Among those surveyed by CAMD was a deaf Muslim brother who stated that his only option to learn about Islam was “to be the first one in the mosque and sit right in front of the Imam and struggle to read his lips during the khutba.” And what about the sisters in similar scenarios? Obviously, in the vast majority of mosques, a sister could not simply “sit right in front of the Imam” trying to catch even a glimmer of her deen. Bariah, the writer behind Strandedmom.com, is the mother of a child with an intellectual disability and finds that rigid thinking about issues in the mosque, such as gender-based rules and behaviours expected of children are among the hindrances that keep families from being active in their Muslim communities:
“What makes autism unique is that it does not manifest in any physical form. Often on the outside the child looks perfect and healthy and their behaviour makes no sense to other people.The mercy often extended to those with obvious physical disabilities is not always extended to children with autism and their families. Or they may be regarded as mentally deficient and no one has any expectations from them. I think with increased awareness and education this will change…. many solutions would imply that there are different rules for different people. Many times the caregivers are female and if the intellectually disabled person is a male, it poses a problem when the child goes beyond a certain age. I feel society in general needs to come to terms with the fact that there have to be different rules for different people, and people caring for those with disabilities should also understand not to abuse those rules.”
Many Muslims in Western countries wrongfully expect that Muslims with disabilities have their physical and wellbeing needs met by government social services. Logically, we must understand that, while non-Muslim service providers can attempt to meet the physical needs of Muslims with disabilities, because the deen is a complete way of life, it is difficult for non-Muslim service providers to anticipate and understand the needs of their Muslim clientele. Consider, for example, if a Muslimah prefers a female transportation provider, but one is not available, does the sister compromise her health and needs or her religious leanings? Not only does CAMD assert, “that mainstream services do not respond adequately to their individual religious needs as Muslims,” but CAMD founder Rabia S. Khedr explains that a crisis is currently unfolding as we are seeing an increase of Muslims with disabilities, yet a stagnation in Muslim service providers. As Muslim parents of children with disabilities age, they have profound concerns about the physical and spiritual well-being of their aging children. Why do we Muslims expect for these members of the ummah to be cared for by non-Muslims?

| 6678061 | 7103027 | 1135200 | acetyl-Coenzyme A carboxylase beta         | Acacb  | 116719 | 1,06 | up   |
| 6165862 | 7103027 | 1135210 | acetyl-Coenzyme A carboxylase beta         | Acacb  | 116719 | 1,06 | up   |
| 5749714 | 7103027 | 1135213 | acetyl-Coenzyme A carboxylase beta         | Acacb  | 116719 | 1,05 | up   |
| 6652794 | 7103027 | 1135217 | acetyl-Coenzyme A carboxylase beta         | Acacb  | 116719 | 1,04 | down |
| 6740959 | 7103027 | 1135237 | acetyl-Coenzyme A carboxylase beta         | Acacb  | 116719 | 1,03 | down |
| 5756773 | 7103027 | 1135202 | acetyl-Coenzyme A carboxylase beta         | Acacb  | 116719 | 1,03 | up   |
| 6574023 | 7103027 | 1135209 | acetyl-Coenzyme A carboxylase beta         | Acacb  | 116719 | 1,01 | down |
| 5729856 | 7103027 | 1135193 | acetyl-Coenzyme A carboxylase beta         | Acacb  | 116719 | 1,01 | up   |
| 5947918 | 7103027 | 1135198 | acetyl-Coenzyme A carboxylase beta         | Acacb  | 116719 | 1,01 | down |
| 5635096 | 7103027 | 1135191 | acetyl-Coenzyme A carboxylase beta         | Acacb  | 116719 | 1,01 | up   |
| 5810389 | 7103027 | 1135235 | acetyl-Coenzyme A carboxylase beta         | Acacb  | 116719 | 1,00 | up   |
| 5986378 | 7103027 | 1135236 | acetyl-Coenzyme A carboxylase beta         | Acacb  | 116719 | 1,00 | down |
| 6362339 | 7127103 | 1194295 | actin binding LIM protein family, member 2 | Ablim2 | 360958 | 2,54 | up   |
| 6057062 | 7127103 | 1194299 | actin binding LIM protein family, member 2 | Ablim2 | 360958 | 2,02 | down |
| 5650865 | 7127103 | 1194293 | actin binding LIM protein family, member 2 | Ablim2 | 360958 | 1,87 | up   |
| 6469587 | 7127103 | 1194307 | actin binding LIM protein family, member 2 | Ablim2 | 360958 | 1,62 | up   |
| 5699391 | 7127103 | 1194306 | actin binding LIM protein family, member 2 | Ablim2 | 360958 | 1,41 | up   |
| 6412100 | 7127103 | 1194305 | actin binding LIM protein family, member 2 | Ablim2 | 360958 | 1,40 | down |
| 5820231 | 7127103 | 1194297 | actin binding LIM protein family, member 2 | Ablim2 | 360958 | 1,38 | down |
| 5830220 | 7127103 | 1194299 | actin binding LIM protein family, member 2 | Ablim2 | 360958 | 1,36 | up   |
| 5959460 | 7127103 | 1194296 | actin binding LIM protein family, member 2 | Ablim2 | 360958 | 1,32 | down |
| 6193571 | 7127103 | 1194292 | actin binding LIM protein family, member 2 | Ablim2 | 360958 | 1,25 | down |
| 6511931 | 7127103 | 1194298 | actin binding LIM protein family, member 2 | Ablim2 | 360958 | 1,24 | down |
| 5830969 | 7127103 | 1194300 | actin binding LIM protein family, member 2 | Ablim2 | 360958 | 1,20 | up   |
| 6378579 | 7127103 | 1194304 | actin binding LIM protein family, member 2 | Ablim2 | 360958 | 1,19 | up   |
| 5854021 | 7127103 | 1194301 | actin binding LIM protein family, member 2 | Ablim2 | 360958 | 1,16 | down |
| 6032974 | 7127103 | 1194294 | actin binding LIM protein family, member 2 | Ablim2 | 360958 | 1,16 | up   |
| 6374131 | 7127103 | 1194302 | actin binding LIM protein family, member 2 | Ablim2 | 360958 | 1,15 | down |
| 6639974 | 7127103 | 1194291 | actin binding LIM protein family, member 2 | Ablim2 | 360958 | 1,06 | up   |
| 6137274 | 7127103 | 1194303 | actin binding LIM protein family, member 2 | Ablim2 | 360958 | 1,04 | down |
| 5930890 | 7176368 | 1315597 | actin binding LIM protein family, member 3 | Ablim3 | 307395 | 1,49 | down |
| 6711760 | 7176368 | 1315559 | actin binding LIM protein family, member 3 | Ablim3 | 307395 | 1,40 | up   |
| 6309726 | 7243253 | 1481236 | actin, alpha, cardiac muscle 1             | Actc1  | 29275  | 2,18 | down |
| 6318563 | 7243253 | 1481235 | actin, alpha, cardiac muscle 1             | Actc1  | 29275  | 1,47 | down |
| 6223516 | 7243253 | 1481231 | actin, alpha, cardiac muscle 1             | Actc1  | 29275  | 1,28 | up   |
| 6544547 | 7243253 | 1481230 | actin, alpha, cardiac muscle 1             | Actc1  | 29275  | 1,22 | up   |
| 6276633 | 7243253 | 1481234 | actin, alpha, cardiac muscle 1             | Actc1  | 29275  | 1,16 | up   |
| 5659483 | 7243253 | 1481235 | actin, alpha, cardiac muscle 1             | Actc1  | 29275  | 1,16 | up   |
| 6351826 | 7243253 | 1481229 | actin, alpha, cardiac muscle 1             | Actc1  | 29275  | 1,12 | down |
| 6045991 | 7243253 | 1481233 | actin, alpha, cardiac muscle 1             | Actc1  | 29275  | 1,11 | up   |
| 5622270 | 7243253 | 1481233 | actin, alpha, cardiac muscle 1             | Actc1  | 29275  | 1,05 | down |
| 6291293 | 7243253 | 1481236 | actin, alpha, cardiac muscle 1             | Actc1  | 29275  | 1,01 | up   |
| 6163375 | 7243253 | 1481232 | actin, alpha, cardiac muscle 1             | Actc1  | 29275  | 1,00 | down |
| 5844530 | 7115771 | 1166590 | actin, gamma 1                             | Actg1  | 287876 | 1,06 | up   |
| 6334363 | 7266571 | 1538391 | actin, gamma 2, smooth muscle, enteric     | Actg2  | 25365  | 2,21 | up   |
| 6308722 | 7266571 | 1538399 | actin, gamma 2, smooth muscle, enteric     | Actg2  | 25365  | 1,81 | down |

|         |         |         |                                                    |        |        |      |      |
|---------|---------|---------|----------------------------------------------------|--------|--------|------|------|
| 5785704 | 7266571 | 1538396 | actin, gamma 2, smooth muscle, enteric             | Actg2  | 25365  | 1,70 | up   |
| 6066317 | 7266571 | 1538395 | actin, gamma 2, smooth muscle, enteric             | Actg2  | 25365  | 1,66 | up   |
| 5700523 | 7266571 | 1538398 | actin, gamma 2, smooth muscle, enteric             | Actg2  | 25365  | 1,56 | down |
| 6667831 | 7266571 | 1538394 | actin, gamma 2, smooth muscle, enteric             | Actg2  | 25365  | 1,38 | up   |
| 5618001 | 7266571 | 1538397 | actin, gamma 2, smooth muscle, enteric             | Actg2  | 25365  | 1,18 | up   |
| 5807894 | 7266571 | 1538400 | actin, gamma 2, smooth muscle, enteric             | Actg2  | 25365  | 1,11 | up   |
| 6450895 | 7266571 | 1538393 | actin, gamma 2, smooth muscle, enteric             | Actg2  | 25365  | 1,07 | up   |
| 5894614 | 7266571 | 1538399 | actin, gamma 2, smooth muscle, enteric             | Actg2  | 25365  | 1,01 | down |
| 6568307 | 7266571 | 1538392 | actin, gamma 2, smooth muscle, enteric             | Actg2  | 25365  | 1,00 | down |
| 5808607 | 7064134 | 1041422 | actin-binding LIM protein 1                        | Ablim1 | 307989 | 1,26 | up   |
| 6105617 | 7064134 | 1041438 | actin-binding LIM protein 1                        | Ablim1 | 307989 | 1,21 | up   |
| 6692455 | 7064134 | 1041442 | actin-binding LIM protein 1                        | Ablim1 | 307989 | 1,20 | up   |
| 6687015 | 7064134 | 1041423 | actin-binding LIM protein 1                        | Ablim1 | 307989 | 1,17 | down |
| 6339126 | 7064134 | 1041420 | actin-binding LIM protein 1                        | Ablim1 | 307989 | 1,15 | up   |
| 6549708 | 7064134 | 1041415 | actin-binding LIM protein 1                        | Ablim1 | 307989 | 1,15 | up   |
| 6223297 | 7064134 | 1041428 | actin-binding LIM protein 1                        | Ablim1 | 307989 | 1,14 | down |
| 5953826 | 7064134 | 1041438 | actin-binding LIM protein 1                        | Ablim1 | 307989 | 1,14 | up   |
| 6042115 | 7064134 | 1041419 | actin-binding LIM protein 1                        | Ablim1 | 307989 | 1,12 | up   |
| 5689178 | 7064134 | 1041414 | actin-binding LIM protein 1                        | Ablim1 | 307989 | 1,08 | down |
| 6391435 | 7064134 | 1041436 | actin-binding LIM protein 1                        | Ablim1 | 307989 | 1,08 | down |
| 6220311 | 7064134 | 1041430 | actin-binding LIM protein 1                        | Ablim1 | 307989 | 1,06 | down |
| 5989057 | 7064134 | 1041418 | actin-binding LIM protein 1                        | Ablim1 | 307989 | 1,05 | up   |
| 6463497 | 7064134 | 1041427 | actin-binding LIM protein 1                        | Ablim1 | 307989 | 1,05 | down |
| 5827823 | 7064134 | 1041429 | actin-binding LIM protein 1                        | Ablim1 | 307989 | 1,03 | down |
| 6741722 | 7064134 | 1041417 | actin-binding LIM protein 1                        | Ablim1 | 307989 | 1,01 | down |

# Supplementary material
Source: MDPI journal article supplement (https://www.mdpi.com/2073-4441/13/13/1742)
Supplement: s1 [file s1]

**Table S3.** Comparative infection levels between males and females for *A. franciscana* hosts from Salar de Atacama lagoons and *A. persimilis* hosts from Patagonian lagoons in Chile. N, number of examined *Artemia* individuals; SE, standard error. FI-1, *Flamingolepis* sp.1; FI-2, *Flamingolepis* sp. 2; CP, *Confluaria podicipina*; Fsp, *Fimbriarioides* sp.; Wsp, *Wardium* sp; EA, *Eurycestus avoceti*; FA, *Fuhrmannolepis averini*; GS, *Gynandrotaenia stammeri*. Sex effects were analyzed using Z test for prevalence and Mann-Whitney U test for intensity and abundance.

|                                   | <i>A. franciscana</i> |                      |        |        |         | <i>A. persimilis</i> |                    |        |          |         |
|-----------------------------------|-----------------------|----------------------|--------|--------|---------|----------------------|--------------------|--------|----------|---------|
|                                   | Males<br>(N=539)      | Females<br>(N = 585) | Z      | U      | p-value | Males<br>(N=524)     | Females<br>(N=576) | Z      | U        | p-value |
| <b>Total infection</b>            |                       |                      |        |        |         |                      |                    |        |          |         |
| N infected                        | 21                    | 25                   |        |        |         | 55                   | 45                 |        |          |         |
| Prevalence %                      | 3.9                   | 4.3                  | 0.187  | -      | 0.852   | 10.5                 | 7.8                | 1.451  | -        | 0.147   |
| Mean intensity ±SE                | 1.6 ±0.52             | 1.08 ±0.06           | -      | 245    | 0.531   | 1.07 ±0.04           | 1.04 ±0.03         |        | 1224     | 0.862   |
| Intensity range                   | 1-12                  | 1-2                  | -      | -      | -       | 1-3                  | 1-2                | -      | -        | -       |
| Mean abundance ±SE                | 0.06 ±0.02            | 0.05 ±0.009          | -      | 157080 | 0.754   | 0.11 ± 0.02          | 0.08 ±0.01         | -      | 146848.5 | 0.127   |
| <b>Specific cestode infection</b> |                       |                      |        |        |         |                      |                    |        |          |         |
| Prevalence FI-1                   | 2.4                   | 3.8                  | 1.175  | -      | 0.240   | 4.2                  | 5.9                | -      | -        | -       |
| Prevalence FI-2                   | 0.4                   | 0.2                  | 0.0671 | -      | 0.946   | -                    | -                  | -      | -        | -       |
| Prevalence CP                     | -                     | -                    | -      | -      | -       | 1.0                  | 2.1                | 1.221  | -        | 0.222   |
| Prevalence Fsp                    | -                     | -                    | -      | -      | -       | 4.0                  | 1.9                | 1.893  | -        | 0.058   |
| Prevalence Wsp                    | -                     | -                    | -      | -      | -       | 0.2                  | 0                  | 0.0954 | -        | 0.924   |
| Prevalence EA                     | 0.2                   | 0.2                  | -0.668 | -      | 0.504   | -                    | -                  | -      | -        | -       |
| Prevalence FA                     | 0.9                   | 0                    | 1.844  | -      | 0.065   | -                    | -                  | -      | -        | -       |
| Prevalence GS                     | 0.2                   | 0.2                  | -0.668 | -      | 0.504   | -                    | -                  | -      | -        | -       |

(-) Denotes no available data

As Bariah pointed out, “When parents are too old to care for their loved one, they have no choice but to seek refuge in residential care which do not cater to Islamic needs. Many adult males and females reside together and I feel that we, as a community, have to answer for the state of the vulnerable among us.”